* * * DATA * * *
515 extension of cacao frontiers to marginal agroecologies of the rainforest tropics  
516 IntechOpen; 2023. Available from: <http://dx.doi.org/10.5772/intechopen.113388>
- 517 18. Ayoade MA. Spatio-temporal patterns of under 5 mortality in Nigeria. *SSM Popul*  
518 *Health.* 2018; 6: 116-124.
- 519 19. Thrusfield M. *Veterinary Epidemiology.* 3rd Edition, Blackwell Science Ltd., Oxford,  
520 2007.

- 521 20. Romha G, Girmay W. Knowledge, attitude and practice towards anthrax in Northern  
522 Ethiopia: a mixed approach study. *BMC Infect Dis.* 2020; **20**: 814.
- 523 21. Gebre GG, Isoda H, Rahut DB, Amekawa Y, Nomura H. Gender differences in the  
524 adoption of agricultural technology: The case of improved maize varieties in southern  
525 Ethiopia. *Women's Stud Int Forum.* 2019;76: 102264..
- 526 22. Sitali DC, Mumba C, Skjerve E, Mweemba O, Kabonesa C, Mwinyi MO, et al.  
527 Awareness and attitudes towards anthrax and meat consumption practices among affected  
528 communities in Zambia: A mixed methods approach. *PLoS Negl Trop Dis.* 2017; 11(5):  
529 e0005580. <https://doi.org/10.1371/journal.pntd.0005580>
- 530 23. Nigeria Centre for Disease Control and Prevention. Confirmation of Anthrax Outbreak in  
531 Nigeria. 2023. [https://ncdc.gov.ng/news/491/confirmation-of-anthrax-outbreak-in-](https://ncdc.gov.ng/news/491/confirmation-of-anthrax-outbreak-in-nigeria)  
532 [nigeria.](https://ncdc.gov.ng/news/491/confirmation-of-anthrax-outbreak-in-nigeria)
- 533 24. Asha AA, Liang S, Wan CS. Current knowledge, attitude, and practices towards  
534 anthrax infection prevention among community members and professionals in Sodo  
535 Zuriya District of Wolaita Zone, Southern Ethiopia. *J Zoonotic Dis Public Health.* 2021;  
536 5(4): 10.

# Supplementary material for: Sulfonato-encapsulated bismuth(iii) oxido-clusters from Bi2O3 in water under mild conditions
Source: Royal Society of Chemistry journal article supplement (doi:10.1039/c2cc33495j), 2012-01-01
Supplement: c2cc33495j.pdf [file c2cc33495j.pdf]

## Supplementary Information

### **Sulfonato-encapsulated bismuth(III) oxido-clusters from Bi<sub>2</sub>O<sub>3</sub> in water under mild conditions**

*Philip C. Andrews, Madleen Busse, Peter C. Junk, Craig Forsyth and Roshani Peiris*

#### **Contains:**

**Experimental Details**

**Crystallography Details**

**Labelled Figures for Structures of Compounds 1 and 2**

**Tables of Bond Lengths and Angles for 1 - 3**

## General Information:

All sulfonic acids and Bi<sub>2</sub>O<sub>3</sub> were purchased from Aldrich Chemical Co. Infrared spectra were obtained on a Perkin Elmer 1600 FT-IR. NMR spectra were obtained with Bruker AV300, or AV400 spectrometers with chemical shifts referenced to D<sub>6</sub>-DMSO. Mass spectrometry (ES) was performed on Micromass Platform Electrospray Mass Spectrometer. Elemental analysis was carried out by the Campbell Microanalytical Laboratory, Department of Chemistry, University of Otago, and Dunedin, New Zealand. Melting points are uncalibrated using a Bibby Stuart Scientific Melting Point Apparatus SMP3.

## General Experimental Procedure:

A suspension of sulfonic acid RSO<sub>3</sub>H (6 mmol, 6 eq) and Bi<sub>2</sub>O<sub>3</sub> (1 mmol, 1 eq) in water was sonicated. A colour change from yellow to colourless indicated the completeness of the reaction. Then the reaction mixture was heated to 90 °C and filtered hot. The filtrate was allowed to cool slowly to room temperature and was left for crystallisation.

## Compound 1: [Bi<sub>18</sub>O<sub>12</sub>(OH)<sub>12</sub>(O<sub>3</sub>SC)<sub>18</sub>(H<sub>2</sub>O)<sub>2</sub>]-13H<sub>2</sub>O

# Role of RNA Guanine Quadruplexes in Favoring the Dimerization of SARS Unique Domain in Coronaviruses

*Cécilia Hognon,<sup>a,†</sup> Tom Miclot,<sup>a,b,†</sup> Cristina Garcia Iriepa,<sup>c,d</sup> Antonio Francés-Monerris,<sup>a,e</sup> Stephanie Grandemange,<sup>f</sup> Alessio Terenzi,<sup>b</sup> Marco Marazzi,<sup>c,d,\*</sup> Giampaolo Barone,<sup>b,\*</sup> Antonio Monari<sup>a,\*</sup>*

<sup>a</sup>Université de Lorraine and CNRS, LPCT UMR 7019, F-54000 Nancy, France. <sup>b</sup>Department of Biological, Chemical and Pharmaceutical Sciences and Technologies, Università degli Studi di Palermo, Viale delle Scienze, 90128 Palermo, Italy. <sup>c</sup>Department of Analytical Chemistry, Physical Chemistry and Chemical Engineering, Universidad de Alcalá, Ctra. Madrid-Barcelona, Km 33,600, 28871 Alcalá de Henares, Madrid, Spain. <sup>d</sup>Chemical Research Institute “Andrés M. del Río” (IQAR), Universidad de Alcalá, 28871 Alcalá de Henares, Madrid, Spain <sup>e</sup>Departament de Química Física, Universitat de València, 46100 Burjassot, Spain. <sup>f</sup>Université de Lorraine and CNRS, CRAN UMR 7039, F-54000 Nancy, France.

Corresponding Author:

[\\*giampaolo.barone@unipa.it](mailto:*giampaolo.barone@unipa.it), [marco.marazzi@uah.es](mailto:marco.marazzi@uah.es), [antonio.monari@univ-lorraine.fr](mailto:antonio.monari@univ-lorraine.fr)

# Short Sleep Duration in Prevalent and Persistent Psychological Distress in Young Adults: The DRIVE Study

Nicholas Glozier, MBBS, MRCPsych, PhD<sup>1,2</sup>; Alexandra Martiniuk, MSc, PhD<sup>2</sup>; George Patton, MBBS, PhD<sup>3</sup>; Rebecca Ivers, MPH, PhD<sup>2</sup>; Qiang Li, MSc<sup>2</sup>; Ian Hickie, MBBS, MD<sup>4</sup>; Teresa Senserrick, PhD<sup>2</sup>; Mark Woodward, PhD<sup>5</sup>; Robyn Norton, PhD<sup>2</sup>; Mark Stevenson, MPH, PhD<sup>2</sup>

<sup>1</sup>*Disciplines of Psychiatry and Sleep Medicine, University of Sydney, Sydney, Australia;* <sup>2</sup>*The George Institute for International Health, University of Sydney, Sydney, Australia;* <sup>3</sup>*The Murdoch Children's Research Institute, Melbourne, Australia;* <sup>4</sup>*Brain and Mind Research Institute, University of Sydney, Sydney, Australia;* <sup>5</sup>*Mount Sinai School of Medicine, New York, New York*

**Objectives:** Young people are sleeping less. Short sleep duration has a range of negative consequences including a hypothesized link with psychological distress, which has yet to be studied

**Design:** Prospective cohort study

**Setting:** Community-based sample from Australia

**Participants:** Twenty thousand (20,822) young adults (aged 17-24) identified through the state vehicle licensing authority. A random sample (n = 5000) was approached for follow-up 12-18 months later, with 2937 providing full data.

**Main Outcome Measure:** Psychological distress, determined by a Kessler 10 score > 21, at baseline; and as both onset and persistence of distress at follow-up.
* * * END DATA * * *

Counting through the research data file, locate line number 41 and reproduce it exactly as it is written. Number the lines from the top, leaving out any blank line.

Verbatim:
<sup>a</sup>Université de Lorraine and CNRS, LPCT UMR 7019, F-54000 Nancy, France. <sup>b</sup>Department of Biological, Chemical and Pharmaceutical Sciences and Technologies, Università degli Studi di Palermo, Viale delle Scienze, 90128 Palermo, Italy. <sup>c</sup>Department of Analytical Chemistry, Physical Chemistry and Chemical Engineering, Universidad de Alcalá, Ctra. Madrid-Barcelona, Km 33,600, 28871 Alcalá de Henares, Madrid, Spain. <sup>d</sup>Chemical Research Institute “Andrés M. del Río” (IQAR), Universidad de Alcalá, 28871 Alcalá de Henares, Madrid, Spain <sup>e</sup>Departament de Química Física, Universitat de València, 46100 Burjassot, Spain. <sup>f</sup>Université de Lorraine and CNRS, CRAN UMR 7039, F-54000 Nancy, France.